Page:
One of the new features coming in iPhone 3.0 is the capability for an app to have what I'll call sub-purchases. The example given was a game you'd buy and then, from within the game, you'd be able to buy additional levels. Currently you have to buy a different version of the game, or get an update - which so far have been free.
But one point about this new feature is that you can't buy add-ons from within a free application. A developer can't give away the razor and sell the blades.
Why is that interesting? Well, Amazon gives away their iPhone Kindle app, but sells content.
If I were Amazon, I think I'd like to walk away from the whole idea of the AppStore. Amazon has a delivery mechanism. They can handle micro payments. They want to give away their iPhone Kindle app and have you buy books from within it.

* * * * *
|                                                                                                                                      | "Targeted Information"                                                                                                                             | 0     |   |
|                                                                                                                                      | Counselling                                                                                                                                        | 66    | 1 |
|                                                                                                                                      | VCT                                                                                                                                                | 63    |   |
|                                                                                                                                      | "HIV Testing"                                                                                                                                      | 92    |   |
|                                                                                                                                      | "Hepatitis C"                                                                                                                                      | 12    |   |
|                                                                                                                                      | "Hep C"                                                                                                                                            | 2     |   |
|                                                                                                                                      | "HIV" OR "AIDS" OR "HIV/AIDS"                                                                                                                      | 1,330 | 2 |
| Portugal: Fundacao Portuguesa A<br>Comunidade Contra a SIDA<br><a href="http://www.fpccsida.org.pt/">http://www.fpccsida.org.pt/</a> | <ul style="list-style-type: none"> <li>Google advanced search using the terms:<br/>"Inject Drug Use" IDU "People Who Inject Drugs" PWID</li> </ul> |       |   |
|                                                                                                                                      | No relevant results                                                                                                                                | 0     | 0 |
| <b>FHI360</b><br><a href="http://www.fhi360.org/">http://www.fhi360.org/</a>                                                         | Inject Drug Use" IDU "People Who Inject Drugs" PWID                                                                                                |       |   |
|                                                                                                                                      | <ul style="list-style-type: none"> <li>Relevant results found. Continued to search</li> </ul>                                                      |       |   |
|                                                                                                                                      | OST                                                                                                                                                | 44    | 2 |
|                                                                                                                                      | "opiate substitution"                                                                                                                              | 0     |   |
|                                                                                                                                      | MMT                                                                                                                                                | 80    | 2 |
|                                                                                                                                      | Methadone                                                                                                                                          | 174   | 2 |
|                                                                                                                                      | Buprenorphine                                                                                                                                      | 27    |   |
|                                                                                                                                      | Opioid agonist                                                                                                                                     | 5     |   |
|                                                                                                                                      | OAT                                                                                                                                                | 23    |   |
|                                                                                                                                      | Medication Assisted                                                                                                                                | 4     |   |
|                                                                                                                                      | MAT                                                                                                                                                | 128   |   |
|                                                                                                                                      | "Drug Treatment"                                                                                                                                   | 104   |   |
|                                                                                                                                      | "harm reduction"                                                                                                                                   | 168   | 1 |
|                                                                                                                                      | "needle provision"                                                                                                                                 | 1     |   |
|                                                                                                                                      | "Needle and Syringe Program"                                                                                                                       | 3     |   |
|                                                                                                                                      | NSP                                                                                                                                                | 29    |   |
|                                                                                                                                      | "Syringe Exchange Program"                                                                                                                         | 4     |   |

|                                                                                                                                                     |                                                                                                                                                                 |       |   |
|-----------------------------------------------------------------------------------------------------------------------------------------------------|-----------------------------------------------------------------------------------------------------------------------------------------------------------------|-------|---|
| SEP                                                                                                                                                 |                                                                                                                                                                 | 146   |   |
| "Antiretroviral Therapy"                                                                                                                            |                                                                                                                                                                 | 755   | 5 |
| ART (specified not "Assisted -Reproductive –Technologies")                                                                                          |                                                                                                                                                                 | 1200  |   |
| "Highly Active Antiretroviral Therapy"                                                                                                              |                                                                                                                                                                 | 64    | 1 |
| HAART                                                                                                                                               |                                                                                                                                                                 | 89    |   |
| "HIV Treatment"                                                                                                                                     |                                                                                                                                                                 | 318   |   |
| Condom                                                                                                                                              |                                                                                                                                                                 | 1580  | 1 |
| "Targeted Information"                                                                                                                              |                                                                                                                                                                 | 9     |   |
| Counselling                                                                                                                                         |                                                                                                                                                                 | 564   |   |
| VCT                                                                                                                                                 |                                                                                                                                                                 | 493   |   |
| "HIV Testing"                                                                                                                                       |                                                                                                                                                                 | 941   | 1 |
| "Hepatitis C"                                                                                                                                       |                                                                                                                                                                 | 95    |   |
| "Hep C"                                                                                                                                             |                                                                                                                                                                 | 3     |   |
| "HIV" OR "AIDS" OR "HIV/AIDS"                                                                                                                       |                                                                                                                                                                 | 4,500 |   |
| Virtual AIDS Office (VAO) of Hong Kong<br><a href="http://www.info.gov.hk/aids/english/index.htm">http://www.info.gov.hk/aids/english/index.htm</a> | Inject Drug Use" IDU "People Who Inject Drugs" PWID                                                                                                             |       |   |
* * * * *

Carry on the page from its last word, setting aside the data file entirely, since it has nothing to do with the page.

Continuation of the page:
But they won't. Why should they give Apple 30% of each book sale? Their current model (the iPhone Kindle book sees everything you've purchased from Amazon, but you have to do the purchasing via a web page or a 'real' Kindle) will likely continue.
The AppStore is problematic at best. The whole idea of a cadre of Apple employees passing qualitative judgement on apps is astonishing to me. How can Apple seriously reject an iPhone app for obscenities when I can buy, literally, the 7 words you can't say on television on the iTunes 'Music" store?
The AppStore is probably great for the one-person shops who are developing an app in their spare time. It's probably even helpful for an entity like the New York Times, which lacks a software distribution infrastructure. But Amazon doesn't need their help.